Angel Eaters plays out like a well constructed modern Greek tragedy. From the onset of the play, we know where its going. We know that Joanne will be presented with a profound moral choice and everything along the way reinforces the palpable sense of anticipation when we finally see Joanne grow her horns. I have to say that the final action in the play was so intense, I cringed... in that deeply satisfying scary movie kind of cringe. You know you've seen something good when you feel that chill creep up your spine.
Adams finds a grittier and more twisted perspective on humanity in Rattlers, which picks up almost 40 years later with Joanne's (Angel Eaters) nephew, Osley Clay. Osley's high school girlfriend, Ernelle comes out of his past with aptly-named rattle-snake wrangling boyfriend, Snake. They kidnap Osley to convince him to raise Ernelle's recently deceased sister, who was bludgeoned to death on the side of the road. Osley, who has forgone the dark ways of his twin brother, Rooster, and become a Preacher refuses to participate in the ritual, insisting that Ernelle's sister will come back wrong and evil. Ernelle, the sassy yet dark diva that she is, insists on Osley's cooperation, threatening his daughter's life with one of Snake's pet rattlers.
Meanwhile at the funeral home where Ernelle's sister Katherine is having her viewing. Ted, a childhood friend of Katherine's and the undertaker, and Everett, her husband, two men who knew and loved Katherine reminisce about the woman they both knew. Both men share in their heartache with strangely quotidian conversation. As each reveals more about himself to the other, the more clear it is that a murderer lies among them.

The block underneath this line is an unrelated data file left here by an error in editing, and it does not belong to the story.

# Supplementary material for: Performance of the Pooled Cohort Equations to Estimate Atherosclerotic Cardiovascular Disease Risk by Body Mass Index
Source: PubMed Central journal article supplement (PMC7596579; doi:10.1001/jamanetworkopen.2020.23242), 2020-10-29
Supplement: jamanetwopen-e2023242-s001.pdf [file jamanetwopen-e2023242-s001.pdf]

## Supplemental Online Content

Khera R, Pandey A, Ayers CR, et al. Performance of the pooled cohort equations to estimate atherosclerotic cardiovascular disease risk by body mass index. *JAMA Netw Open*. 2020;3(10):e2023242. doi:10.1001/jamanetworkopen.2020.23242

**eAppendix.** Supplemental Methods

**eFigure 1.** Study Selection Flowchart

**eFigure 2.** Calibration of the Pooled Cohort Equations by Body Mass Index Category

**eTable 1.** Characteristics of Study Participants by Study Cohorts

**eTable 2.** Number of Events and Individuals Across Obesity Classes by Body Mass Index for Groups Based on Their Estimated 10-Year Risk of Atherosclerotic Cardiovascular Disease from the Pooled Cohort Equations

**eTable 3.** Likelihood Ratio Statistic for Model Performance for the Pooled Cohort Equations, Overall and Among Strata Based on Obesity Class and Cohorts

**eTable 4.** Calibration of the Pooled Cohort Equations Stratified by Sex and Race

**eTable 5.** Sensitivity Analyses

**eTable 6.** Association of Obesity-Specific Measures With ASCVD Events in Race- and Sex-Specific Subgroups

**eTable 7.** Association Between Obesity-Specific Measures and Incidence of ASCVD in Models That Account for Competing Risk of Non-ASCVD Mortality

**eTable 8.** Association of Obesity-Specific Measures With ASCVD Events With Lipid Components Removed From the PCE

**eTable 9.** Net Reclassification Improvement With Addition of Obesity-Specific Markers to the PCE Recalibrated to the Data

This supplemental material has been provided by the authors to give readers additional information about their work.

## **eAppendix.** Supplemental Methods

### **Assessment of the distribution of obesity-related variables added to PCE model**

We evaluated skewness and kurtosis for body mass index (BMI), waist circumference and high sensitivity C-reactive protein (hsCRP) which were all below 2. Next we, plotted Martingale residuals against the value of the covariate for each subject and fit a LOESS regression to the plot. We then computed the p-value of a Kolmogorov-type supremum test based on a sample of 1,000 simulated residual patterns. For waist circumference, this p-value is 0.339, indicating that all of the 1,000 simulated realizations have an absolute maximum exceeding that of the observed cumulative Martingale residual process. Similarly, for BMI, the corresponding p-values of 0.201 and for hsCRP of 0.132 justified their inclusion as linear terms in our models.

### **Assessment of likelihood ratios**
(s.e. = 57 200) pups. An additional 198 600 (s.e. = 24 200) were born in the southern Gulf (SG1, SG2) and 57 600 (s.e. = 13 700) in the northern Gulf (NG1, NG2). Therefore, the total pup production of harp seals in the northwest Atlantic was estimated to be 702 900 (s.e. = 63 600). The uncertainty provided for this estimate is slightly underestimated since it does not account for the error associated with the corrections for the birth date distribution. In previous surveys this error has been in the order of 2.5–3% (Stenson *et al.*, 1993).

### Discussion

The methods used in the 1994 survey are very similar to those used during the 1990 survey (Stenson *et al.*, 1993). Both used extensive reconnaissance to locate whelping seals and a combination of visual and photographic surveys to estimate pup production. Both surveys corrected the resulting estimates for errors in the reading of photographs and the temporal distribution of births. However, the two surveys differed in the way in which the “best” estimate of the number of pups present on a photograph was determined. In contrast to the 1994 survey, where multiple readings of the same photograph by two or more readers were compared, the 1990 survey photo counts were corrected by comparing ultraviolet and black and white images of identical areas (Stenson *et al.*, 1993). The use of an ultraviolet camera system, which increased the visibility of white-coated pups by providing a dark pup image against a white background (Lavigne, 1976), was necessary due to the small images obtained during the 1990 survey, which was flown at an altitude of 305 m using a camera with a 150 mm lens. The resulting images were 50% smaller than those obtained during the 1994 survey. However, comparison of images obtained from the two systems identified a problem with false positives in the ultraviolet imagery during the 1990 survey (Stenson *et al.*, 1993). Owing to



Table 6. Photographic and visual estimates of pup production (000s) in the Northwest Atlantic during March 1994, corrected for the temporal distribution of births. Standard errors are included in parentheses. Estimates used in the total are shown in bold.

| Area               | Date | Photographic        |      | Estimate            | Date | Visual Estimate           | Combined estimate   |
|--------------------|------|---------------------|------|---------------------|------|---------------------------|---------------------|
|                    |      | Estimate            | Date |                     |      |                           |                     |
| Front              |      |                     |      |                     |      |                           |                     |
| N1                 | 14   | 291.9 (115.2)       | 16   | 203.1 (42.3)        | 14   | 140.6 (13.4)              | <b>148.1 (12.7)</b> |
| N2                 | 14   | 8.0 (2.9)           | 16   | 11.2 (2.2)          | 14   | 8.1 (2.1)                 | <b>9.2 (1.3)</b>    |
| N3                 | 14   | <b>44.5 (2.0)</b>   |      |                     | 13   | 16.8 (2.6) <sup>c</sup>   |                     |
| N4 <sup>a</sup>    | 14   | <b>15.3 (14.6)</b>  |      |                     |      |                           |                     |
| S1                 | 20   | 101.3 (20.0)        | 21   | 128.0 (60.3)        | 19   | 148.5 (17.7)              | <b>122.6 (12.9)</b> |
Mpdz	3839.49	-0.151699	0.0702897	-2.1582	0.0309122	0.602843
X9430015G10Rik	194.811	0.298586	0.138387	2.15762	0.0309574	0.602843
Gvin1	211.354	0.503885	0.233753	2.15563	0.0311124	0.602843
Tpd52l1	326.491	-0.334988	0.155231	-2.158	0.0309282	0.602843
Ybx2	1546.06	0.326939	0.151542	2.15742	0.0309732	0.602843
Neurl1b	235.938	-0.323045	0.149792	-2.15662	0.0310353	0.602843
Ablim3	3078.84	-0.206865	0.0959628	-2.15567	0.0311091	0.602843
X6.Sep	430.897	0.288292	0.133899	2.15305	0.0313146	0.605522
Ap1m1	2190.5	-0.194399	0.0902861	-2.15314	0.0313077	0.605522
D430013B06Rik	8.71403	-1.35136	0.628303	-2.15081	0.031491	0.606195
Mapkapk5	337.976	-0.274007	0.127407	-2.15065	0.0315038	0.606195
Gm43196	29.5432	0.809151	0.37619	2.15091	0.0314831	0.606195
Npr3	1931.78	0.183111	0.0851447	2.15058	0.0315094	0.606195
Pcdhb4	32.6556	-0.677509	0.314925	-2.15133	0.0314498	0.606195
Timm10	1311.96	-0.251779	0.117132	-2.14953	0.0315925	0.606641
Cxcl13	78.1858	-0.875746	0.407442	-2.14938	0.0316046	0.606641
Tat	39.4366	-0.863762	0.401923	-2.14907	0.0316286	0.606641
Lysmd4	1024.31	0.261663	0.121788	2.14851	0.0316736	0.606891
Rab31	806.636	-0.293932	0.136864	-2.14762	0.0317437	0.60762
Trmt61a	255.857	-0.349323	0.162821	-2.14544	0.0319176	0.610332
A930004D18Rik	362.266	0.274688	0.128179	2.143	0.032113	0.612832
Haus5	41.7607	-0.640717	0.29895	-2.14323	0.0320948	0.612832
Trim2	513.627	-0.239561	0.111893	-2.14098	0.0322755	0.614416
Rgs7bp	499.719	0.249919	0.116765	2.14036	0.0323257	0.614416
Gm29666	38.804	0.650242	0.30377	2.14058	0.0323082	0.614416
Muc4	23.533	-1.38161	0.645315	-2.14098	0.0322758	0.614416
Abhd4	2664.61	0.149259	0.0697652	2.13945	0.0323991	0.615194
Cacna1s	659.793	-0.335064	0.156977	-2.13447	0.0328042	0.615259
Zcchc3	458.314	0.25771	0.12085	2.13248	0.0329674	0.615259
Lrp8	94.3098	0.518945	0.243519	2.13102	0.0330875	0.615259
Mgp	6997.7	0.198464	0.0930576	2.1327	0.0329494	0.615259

And finally, to complete the triptych of Adams' play, Mattie, Katherine's mother, searches for revenge with the very young and attractive Shane, Ted's younger brother and desperate suitor of Mattie's affection. While Mattie fends off Shane's relentless desire, she digs deeper into the mystery of her daughter's death and closer to the vengeance she intends to exact on its perpetrator. An eye for an eye, indeed.
Rattlers succeeds where Angel Eaters fails in that this play is not tethered down with the need to establish lore or provide lengthy exposition. We jump straight into the action. Again, we get a great build up of anticipation as each storyline operates, for the most part, independently, towards a tragic end. Adams writing and Ruiz's direction of the action takes on a filmic quality as it cuts back and forth between the three plots. Adams toys with dualities in this play. Lover turns to murderer, good becomes evil, and death becomes life. Like a fish to a hook, Adams lures your affections for the unrequited lover, the mourning mother; and flips the circumstances around with stunning and terrible outcomes. And oddly enough, the only truly selfless act comes from the one with the horns. Bravo.
8 Little Anti-Christs
Set in a dystopian corporate future where Disney runs large state prisons, and Sony is mass-producing cloned workers, we find ourselves bumped two generations later and twenty years in our future. Jeremy and Melanie Gable are the latest inheritors of the Angel Eater curse and engaged in an epic misadventure to defeat the devil and destroy the eight anti-Christs that Jeremy is forced to resurrect...
...Adams' writing is bold and quite remarkable in its ability to disarm and within a turn of a phrase, horrify. She is not afraid to ponder and explore the darker outskirts of our communal human imagintion. The dreary crevices we only ever tentatively tip-toe towards, Adams rips open and thoroughly explores until fully satisfied.
All in all, I enthusiastically recommend the Angel Eater's Trilogy as a foray into a great work by Flux Theatre Ensemble and on the part of the playwright herself. Take advantage of the three-play discount as well as $14 tickets (a steal for New York theater).